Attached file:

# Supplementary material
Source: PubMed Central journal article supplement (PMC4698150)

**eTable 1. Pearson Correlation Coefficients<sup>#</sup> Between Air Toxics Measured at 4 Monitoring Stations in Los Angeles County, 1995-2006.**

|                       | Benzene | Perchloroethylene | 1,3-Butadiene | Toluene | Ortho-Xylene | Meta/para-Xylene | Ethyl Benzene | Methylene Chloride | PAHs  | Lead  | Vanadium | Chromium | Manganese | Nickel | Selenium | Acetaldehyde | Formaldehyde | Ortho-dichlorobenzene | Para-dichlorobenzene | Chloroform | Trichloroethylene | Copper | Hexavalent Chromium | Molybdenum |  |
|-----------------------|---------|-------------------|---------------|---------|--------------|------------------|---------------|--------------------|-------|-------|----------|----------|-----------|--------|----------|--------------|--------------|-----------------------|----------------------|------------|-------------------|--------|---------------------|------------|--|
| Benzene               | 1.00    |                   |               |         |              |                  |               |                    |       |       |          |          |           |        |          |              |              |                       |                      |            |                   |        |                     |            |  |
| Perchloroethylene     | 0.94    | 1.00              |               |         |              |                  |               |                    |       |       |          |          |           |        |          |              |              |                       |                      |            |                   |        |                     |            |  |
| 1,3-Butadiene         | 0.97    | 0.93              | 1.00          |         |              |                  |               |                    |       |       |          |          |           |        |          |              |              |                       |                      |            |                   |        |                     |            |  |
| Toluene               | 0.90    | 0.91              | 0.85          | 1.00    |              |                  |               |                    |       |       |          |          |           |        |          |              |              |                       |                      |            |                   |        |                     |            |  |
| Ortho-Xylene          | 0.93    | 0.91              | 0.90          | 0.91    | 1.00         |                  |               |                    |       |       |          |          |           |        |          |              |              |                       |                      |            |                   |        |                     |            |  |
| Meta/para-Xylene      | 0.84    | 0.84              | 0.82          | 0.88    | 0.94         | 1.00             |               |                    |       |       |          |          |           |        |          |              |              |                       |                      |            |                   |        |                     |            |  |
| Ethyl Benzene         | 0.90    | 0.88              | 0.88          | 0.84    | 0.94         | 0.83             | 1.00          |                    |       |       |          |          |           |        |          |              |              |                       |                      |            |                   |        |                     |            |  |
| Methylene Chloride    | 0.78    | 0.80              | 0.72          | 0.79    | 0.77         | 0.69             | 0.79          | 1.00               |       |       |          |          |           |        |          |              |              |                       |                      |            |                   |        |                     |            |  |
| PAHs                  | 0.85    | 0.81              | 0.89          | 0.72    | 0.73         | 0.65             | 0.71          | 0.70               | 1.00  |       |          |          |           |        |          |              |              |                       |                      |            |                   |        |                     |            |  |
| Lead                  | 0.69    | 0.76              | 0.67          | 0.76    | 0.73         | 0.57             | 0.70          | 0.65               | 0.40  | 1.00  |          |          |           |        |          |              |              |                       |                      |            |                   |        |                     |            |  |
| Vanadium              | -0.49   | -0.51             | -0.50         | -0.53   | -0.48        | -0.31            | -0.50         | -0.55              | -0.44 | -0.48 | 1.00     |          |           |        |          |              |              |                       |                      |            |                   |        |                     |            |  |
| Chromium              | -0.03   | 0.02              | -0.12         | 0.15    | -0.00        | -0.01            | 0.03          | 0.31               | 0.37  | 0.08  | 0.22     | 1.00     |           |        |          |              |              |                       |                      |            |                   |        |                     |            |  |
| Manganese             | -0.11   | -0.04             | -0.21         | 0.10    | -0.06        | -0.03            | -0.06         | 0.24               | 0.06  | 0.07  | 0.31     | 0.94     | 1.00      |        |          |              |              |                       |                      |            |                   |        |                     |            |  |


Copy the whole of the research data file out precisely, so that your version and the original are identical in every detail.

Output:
# Supplementary material
Source: PubMed Central journal article supplement (PMC4698150)

**eTable 1. Pearson Correlation Coefficients<sup>#</sup> Between Air Toxics Measured at 4 Monitoring Stations in Los Angeles County, 1995-2006.**

|                       | Benzene | Perchloroethylene | 1,3-Butadiene | Toluene | Ortho-Xylene | Meta/para-Xylene | Ethyl Benzene | Methylene Chloride | PAHs  | Lead  | Vanadium | Chromium | Manganese | Nickel | Selenium | Acetaldehyde | Formaldehyde | Ortho-dichlorobenzene | Para-dichlorobenzene | Chloroform | Trichloroethylene | Copper | Hexavalent Chromium | Molybdenum |  |
|-----------------------|---------|-------------------|---------------|---------|--------------|------------------|---------------|--------------------|-------|-------|----------|----------|-----------|--------|----------|--------------|--------------|-----------------------|----------------------|------------|-------------------|--------|---------------------|------------|--|
| Benzene               | 1.00    |                   |               |         |              |                  |               |                    |       |       |          |          |           |        |          |              |              |                       |                      |            |                   |        |                     |            |  |
| Perchloroethylene     | 0.94    | 1.00              |               |         |              |                  |               |                    |       |       |          |          |           |        |          |              |              |                       |                      |            |                   |        |                     |            |  |
| 1,3-Butadiene         | 0.97    | 0.93              | 1.00          |         |              |                  |               |                    |       |       |          |          |           |        |          |              |              |                       |                      |            |                   |        |                     |            |  |
| Toluene               | 0.90    | 0.91              | 0.85          | 1.00    |              |                  |               |                    |       |       |          |          |           |        |          |              |              |                       |                      |            |                   |        |                     |            |  |
| Ortho-Xylene          | 0.93    | 0.91              | 0.90          | 0.91    | 1.00         |                  |               |                    |       |       |          |          |           |        |          |              |              |                       |                      |            |                   |        |                     |            |  |
| Meta/para-Xylene      | 0.84    | 0.84              | 0.82          | 0.88    | 0.94         | 1.00             |               |                    |       |       |          |          |           |        |          |              |              |                       |                      |            |                   |        |                     |            |  |
| Ethyl Benzene         | 0.90    | 0.88              | 0.88          | 0.84    | 0.94         | 0.83             | 1.00          |                    |       |       |          |          |           |        |          |              |              |                       |                      |            |                   |        |                     |            |  |
| Methylene Chloride    | 0.78    | 0.80              | 0.72          | 0.79    | 0.77         | 0.69             | 0.79          | 1.00               |       |       |          |          |           |        |          |              |              |                       |                      |            |                   |        |                     |            |  |
| PAHs                  | 0.85    | 0.81              | 0.89          | 0.72    | 0.73         | 0.65             | 0.71          | 0.70               | 1.00  |       |          |          |           |        |          |              |              |                       |                      |            |                   |        |                     |            |  |
| Lead                  | 0.69    | 0.76              | 0.67          | 0.76    | 0.73         | 0.57             | 0.70          | 0.65               | 0.40  | 1.00  |          |          |           |        |          |              |              |                       |                      |            |                   |        |                     |            |  |
| Vanadium              | -0.49   | -0.51             | -0.50         | -0.53   | -0.48        | -0.31            | -0.50         | -0.55              | -0.44 | -0.48 | 1.00     |          |           |        |          |              |              |                       |                      |            |                   |        |                     |            |  |
| Chromium              | -0.03   | 0.02              | -0.12         | 0.15    | -0.00        | -0.01            | 0.03          | 0.31               | 0.37  | 0.08  | 0.22     | 1.00     |           |        |          |              |              |                       |                      |            |                   |        |                     |            |  |
| Manganese             | -0.11   | -0.04             | -0.21         | 0.10    | -0.06        | -0.03            | -0.06         | 0.24               | 0.06  | 0.07  | 0.31     | 0.94     | 1.00      |        |          |              |              |                       |                      |            |                   |        |                     |            |  |